The moment I was asked to coach an User Experience graduate from the Hogeschool Rotterdam, I was enthusiastic. In my professional career I’ve been coaching several students and to me this has always been very inspiring. When you are working in the area of User Experience for quite some years like me, working together with students provides me with new viewpoints and insights. These new insights stimulate me to look differently to my own assignments and that is very refreshing.
Feeling of insufficiency...
This time there was one difference with all the other student projects I’d coached before. This specific graduation assignment was defined by my UX colleague at Vennster without my consolidation, because I was involved in other assignments at that time. Thereby this graduation project consisted of a topic of which I had very little knowledge. This definitely was a hurdle to take, especially at the start of the project. Regarding the content I wasn’t able to give the graduate much of advice. That felt as a shortcoming on my behalf.
Fortunately Vennster employs more professionals, who were able to help the graduate with his topic. By asking relevant and provocative questions, we tried to stimulate him to focus his research and come up with refreshing insights and conclusions.
Tip: As a graduation coach you don’t need to know all about the subject. In the end the graduate will be more experienced on the topic than you are anyway. However with your knowledge and experience, you can still stimulate the graduate to explore all far corners of the subject by asking the right questions.
No sense of urgency...
It’s in a sponsor’s interest to keep the graduate on the right track regarding the planning and deliverables within a graduation project which should come to an end within a specific amount of months. Some graduates might find this quite a difficult task to accomplish, possibly because their school assignments mostly have predefined milestones and shorter time spans. Therefore I requested him to set up a planning. Being his sponsor from Vennster, I wanted him to think about what he expected to deliver to me. I also asked him when he would deliver. Due to my experience in coaching other graduation projects, I noticed that for graduates, content often is more important than planning. In a business however as well content as planning are both of equal importances. If the agreed content isn’t delivered in time, it might not be useful/relevant/valid anymore.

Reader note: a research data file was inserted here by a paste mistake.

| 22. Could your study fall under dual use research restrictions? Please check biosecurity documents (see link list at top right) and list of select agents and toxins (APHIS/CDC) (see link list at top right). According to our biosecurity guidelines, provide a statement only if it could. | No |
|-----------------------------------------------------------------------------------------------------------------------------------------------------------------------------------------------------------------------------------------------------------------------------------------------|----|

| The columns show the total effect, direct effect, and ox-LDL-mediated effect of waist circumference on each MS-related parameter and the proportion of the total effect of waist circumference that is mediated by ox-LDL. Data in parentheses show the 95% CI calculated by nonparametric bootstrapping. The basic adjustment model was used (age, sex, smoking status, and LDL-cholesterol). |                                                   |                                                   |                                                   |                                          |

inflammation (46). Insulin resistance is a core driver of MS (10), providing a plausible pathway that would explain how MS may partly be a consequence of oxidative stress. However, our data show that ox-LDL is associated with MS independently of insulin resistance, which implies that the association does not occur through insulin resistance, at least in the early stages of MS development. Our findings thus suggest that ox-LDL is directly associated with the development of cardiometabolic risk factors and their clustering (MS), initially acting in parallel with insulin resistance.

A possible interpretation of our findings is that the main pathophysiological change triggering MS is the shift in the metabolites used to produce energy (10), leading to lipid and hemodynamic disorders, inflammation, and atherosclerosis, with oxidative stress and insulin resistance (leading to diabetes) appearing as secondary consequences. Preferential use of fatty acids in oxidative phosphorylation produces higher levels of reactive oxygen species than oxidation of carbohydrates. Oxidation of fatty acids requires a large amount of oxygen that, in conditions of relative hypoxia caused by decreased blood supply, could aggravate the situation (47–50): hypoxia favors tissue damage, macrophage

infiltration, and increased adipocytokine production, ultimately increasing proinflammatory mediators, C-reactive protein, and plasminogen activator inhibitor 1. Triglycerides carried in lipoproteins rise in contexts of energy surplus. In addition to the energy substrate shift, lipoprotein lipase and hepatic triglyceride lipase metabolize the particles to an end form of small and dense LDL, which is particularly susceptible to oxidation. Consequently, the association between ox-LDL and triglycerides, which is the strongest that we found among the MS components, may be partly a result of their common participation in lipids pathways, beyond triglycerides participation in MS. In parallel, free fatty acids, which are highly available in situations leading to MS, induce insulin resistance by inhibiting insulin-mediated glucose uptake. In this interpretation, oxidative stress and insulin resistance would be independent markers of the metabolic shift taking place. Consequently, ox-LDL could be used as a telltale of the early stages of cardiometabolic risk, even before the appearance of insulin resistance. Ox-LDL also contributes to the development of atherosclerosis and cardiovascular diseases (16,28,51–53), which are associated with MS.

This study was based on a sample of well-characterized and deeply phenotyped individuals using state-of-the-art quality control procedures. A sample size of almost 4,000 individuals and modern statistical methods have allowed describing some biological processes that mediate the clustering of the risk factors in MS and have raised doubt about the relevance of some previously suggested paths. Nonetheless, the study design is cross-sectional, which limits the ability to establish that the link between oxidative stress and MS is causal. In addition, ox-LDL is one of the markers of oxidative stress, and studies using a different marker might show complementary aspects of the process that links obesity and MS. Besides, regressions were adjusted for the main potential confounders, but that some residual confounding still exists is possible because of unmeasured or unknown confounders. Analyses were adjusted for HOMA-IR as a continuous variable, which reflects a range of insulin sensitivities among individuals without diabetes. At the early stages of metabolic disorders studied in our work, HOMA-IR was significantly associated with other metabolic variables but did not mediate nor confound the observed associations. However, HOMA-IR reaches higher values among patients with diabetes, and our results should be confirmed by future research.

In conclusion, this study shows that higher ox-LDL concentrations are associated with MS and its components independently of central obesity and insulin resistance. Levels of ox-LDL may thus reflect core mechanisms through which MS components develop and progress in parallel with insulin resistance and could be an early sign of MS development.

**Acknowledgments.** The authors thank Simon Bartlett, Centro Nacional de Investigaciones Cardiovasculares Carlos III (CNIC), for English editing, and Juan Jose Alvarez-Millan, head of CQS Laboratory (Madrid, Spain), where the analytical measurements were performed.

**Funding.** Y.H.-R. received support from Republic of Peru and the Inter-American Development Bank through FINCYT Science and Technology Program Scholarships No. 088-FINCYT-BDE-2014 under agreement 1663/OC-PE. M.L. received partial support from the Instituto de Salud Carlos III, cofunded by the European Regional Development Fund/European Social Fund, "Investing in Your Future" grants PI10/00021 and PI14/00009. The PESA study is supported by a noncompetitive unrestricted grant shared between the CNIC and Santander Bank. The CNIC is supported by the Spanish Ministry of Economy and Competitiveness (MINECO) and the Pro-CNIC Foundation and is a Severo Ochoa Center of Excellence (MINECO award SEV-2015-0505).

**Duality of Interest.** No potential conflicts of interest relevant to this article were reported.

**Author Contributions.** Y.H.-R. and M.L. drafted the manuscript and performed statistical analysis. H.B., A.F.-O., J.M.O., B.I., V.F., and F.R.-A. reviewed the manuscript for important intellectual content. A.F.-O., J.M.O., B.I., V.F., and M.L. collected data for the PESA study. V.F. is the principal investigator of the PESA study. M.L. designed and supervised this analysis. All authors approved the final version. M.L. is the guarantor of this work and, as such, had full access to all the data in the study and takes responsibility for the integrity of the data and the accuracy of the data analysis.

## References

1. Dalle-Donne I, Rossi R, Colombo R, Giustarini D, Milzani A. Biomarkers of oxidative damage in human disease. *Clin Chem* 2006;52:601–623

Tip: As a graduation coach you need to stimulate (help) the graduate to set up a planning including deliverables and liaisons. The planning should be fine-tuned during the graduation process and deadlines should be kept.
I expected/asked the graduate to keep me informed about his way of working and his progress. Most of the working hours we were sitting in the same office, so I expected communication would not be a problem.
During their education UX students appear to learn a lot about gathering content and applying design methods. However they seem to have hardly any experience in dealing with a sponsor and the related communication expectations.
Despite of, maybe even due to, all my experience with experienced professionals, I didn’t realize that. I waited in vain until the graduate would keep me posted about the outcomes and hands-on deliverables. I repeatedly asked for information, but it didn’t help. Like this, I didn’t get any information. Instead, I should have planned a regular meeting, at least once every two weeks.
Fortunately, social media can be of great help. I started to follow my graduate on Twitter. I tried to figure out what the problem was. I gave tips and tricks to support his way of working. I gave him deadlines. I felt I wasn’t able to coach him properly. I had become a policewoman.
Tip: In case of a graduation project it sometimes is better to assign the coaching and the sponsoring task to two different people within the guiding company. Then the coaching professional can focus on coaching, while the sponsor plays the role of the ordering customer.
Together with my UX colleague Nils Vergeer within Vennster, we each took on one task. This worked great. Nils told the graduate what he as a sponsor expected him to deliver at what time and told him what would happen if he didn’t. In the meantime I could go on supporting the graduation process and supply him with tips and tricks on how to deliver in time.
Tip: As a sponsor you have to be clear in expressing your professional expectations according to deliverables and planning.
This worked remarkably well. The graduate found his way and graduated in time by presenting a great report on the subject, supported by a tool he designed to support UX-designers and software developers working closely together.